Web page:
In addition, make sure your needles are clean. To do that, fill a small cup with a solution of isopropyl alcohol. Rinse the needles in the solution, and wait for them to dry.
Third, Needle Your Scalp
Now, the fun part. If you are using a roller, you will want to firmly roll over the thinning areas of your head 2 to 5 times. In the studies linked above, the subjects were directed to use the needles enough to cause the skin to turn red but not enough to bleed.
With safety in mind, we recommend you follow that protocol.
If you are using a stamp, you just need to slowly stamp around the head until every affected area has been needled. You don’t really need to do this more than twice in any given session with a derma stamp.
Congrats, you made it through a dermarolling session! Now pat yourself on the back for being able to withstand such pain.
The first thing you’ll want to do is sanitize the needles. If you are using a pen, you can just throw away the cartridge. If you’re using a dermaroller, you should really only use it once for sanitary concerns. If this is not feasible for you, keep the needles clean by rinsing them with isopropyl alcohol before and after use. Never re-use the needle more than 3-5x. If you see any signs of rust you should have replaced the roller a long time ago.
Next, rinse your head off. Many people do it right before their daily shower, so the rinsing part is easy.
At this point, your head is clean but still red. You’re done. Go relax and let your head heal.
If you are a user of topicals, make sure to read the frequently asked questions regarding topicals.
Frequently Asked Questions
Do derma rollers hurt?
Yes. Dermarolling definitely hurts. Keep in mind that it doesn’t need to be done often and when it is done, it should only take around 2 minutes. In addition to that, a Dermapen will be significantly less painful than a standard 192 1.5mm hair loss micro needler.
How often should dermarolling be done for hair loss?
In all of the studies, the subjects dermarolled once a week. If you’re using a roller, that’s probably a good schedule to stick to.
A lot of people that use the Dermapen and not a traditional roller only use it once or twice a month and still see results.
Don’t overdo it thinking you’ll see results faster; You’ll just give yourself fibrosis. Your scalp needs time to heal.
Can I apply minoxidil after dermarolling?
You can do whatever you want. BUT – you shouldn’t.
After a dermarolling session, there are hundreds of micro wounds across your scalp. This will make it very easy for any topicals to absorb into the skin and go systemic. We’ve already discussed the potential side effects of systemic minoxidil, and it’s not pretty.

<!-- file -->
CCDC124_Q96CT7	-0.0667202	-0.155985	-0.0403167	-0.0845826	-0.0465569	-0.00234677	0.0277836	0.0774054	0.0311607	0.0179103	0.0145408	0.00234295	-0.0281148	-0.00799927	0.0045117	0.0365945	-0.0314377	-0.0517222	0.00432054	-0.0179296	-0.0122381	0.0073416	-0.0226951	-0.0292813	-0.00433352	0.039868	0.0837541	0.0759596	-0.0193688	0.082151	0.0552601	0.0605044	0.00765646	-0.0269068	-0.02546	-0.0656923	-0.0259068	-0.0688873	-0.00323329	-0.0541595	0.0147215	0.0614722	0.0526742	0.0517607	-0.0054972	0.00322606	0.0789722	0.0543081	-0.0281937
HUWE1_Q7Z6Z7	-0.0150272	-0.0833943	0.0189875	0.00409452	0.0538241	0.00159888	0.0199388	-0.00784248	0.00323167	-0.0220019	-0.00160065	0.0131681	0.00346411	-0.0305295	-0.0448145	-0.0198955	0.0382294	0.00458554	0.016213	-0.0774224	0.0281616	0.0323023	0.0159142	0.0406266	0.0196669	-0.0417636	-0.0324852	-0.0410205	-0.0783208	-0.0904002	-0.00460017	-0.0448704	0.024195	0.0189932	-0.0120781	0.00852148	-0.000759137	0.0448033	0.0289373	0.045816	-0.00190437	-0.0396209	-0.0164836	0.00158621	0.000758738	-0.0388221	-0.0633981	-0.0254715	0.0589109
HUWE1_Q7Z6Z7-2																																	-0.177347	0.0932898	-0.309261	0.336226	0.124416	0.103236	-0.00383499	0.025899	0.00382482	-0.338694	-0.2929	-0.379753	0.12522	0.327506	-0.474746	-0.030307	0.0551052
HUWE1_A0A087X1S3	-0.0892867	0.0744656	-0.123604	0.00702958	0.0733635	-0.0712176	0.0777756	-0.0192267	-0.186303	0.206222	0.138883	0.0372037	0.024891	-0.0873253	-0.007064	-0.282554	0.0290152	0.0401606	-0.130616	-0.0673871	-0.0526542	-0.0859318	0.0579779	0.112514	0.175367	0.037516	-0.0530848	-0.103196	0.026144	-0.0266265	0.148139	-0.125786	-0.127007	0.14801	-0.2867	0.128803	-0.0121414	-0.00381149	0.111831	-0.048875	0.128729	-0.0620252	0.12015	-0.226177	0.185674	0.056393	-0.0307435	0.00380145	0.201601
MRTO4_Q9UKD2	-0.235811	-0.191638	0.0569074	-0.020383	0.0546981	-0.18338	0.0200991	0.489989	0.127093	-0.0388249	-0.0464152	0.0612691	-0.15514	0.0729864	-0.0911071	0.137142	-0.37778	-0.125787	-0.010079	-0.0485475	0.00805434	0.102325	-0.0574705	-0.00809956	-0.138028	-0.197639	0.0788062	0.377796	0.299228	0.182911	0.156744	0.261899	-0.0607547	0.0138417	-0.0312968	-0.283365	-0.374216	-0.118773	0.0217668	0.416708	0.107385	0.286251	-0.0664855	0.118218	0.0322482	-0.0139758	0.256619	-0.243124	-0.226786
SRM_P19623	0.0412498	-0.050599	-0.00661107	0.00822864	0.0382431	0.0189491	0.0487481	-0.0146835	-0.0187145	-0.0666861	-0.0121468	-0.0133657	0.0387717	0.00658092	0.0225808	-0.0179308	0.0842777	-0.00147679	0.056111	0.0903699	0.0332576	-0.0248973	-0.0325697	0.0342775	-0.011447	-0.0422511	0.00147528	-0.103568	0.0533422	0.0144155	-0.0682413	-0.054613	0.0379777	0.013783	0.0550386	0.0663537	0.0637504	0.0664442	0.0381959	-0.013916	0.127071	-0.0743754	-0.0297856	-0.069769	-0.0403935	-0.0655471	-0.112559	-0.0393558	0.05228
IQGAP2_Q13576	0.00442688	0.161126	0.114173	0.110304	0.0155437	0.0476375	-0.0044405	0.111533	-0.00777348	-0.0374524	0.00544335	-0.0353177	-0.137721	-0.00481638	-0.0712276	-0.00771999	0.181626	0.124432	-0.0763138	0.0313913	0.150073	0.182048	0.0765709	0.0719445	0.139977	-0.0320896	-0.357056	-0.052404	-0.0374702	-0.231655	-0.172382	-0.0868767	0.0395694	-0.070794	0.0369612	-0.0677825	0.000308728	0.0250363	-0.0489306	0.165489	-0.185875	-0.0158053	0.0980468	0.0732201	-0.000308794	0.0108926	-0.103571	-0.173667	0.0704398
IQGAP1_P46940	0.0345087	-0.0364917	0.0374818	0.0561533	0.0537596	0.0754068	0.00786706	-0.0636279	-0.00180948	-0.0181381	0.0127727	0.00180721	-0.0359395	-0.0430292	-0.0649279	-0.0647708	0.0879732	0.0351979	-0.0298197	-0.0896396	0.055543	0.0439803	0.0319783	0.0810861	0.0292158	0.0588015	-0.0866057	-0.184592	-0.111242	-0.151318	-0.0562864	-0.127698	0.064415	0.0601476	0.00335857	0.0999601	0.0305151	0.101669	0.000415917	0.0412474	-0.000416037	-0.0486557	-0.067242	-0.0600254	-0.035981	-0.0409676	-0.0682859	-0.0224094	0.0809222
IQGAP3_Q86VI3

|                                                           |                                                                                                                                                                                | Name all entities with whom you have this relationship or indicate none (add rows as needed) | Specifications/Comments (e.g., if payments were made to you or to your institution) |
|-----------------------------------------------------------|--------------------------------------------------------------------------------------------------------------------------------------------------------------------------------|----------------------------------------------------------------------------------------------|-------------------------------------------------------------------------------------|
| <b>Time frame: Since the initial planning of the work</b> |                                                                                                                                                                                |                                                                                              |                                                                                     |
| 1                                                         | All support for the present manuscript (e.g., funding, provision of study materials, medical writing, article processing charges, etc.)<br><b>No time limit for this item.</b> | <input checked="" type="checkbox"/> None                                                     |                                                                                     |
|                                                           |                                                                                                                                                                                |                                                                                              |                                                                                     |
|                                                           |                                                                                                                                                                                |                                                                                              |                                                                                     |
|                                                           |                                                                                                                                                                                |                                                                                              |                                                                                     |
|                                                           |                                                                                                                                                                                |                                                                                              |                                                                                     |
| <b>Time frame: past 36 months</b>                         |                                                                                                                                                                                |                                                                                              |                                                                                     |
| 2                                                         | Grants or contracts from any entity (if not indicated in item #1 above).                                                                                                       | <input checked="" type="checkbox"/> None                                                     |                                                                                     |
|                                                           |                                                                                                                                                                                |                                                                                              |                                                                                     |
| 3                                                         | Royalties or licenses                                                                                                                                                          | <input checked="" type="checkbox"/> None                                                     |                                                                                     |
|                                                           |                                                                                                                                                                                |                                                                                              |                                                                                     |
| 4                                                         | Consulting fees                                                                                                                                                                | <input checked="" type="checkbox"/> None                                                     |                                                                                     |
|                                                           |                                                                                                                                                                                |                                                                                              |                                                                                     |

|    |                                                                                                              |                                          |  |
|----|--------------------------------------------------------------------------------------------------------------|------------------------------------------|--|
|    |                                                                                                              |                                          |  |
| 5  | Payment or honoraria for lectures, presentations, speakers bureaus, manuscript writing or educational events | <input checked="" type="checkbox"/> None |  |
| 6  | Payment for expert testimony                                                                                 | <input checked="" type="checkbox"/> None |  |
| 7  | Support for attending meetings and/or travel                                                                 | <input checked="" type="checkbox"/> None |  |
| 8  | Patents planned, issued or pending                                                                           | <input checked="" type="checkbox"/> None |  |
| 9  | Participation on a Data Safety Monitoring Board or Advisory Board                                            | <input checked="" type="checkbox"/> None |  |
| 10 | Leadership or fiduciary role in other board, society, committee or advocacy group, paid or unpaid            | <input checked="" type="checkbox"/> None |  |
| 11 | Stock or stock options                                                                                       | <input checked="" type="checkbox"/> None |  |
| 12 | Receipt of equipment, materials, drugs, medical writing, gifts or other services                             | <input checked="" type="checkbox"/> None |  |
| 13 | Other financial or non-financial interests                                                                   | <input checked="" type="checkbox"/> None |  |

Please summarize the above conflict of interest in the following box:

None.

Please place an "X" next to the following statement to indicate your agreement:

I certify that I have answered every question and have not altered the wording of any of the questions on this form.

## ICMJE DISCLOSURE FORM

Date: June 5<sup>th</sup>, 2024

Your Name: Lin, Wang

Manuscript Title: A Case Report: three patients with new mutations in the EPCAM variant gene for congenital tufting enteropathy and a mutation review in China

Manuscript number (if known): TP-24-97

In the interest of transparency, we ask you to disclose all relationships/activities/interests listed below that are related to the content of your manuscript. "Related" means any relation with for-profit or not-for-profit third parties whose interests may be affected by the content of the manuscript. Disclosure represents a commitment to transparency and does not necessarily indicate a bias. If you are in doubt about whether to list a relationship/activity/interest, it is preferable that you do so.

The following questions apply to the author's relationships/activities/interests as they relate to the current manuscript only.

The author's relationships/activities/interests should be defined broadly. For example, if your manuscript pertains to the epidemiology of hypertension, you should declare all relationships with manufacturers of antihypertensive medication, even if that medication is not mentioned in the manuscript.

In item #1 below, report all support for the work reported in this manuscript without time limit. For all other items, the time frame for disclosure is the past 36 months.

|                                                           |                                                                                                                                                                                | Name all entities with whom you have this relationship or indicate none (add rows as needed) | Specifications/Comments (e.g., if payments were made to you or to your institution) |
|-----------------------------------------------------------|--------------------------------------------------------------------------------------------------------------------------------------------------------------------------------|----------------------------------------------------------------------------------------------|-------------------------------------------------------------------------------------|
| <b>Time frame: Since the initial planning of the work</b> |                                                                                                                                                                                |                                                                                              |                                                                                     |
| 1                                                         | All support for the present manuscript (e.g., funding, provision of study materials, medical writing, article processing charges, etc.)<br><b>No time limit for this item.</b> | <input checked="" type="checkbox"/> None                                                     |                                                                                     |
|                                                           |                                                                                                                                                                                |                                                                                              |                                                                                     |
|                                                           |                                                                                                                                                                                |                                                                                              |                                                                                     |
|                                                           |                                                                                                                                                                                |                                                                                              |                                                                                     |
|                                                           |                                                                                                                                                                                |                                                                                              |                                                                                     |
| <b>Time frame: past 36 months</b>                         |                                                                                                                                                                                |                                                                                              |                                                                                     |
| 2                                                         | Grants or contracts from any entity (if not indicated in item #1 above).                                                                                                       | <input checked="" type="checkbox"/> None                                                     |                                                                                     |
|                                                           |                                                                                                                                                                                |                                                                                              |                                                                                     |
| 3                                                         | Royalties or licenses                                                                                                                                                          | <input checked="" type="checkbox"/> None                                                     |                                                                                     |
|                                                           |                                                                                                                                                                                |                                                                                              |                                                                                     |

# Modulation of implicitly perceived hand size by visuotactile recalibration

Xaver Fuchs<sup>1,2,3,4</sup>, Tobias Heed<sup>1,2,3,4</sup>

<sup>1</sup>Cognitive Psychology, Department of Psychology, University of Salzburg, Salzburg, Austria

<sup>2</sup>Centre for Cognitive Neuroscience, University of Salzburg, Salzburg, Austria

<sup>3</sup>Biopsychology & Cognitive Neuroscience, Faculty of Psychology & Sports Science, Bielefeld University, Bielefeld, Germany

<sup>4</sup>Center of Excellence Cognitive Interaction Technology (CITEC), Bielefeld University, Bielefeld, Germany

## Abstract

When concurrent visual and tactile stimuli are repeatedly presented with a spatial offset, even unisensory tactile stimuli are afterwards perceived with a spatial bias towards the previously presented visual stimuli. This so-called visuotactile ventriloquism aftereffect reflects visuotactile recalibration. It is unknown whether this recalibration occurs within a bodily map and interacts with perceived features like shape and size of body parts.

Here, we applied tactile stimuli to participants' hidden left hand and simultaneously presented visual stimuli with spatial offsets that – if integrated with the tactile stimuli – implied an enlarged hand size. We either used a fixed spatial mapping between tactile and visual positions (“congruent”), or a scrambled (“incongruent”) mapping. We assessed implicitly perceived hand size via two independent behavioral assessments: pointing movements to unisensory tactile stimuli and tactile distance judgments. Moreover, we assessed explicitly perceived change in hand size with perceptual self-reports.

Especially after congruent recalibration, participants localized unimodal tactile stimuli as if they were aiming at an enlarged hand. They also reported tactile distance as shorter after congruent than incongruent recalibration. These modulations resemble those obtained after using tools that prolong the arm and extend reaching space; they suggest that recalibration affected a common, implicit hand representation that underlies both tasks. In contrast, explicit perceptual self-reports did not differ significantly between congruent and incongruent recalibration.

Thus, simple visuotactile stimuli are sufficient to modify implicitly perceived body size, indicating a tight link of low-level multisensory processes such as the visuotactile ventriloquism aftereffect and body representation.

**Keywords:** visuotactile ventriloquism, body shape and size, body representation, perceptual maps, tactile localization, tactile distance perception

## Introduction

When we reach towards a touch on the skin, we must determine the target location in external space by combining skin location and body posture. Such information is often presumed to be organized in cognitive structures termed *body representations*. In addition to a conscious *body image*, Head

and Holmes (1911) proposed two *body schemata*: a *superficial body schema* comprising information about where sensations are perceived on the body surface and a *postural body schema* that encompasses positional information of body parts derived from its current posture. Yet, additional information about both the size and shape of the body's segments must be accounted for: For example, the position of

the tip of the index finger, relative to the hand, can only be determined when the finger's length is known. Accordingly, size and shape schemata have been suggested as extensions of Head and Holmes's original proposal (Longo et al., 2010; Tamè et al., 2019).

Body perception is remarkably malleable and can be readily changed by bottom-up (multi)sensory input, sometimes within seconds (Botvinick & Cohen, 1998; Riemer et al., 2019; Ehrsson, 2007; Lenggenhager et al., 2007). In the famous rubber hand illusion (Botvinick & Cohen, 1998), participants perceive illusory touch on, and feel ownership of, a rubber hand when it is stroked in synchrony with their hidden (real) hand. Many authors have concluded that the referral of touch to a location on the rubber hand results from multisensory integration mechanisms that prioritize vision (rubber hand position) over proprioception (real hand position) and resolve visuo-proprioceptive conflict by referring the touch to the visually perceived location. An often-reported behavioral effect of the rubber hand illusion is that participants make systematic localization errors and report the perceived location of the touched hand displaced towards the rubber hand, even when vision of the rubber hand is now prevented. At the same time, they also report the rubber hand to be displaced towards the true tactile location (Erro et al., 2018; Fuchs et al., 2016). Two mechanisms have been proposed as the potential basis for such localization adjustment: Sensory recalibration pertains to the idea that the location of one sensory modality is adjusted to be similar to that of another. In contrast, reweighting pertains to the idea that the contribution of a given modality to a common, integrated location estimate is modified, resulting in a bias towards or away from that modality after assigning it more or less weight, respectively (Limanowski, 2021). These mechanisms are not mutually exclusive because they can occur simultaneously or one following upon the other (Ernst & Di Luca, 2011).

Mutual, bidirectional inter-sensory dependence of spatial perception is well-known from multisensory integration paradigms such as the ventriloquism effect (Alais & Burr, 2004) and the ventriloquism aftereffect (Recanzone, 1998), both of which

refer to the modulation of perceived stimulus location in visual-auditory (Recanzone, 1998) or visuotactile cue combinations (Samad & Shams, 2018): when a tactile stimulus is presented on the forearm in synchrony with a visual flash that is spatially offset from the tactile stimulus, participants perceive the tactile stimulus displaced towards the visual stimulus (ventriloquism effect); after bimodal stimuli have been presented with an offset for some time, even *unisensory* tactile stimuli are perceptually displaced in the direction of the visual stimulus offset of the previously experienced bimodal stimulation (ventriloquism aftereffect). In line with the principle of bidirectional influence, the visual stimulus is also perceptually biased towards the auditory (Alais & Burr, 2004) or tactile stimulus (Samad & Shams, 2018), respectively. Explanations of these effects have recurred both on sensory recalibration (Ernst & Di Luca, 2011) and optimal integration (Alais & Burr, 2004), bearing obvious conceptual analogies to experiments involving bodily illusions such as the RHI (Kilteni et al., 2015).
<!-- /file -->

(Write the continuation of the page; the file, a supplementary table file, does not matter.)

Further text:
If you use minoxidil, the consensus seems to be to wait at least a day.
Is the minoxidil dermaroller duo better than either alone?
Yep – in one of the studies above, the test minoxidil dermarolling group significantly outperformed the minoxidil only group.
If you can deal with minoxidil, you’ll have really good results with a dermaroller.
How long until I see results from dermarolling?
YMMV. Some people see results in 2 months, and others take up to 2 years. The general consensus is to try for at least a year.
Dermarolling for Hairloss Results / Success Stories
There are literally THOUSANDS of results from using a dermaroller for hairloss online. Especially in conjunction with minoxidil, the dermaroller minoxidil routine seems to yield unbelieveable results.
- This guy couldn’t take finasteride so he followed a minoxidil dermarolling routine. Within 2 months he had a full head of hair again.
- In 3 months, this guy went from basically bald back to a normal head of hair using minoxidil and a dermaroller.
- This guy had pretty ridiculous results after microneedling for 12 months. (The page is in greek, if you’re on chrome you can easily translate the page into english though)
- This woman had such good success with dermarolling for hair loss that she even complained that it became difficult to keep the routine up because her thick hair was in the way of the dermaroller.
- This guy clearly has new hairs and all he was using was a derma roller. If the link is broken, just google “PrettyFly83”
Dermarolling for Hair Loss: A Definite Winner
If you aren’t already, we hope you’ll give dermarolling a shot. A lot of men and women have obviously had tremendous success in doing so, and as long as you’re mindful in keeping the process sanitary there isn’t much downside to trying.
If you can use minoxidil in conjunction with a dermarolling routine, it seems like regrowth is essentially guaranteed.
Drive on, champions!
Other things on the site you might like:
(i) – Dhurat R, Sukesh M, Avhad G, Dandale A, Pal A, Pund P. A Randomized Evaluator Blinded Study of Effect of Microneedling in Androgenetic Alopecia: A Pilot Study. International Journal of Trichology. 2013;5(1):6-11. doi:10.4103/0974-7753.114700.
(ii) – Dhurat, R., & Mathapati, S. (2015). Response to Microneedling Treatment in Men with Androgenetic Alopecia Who Failed to Respond to Conventional Therapy. Indian Journal of Dermatology, 60(3), 260–263. http://doi.org/10.4103/0019-5154.156361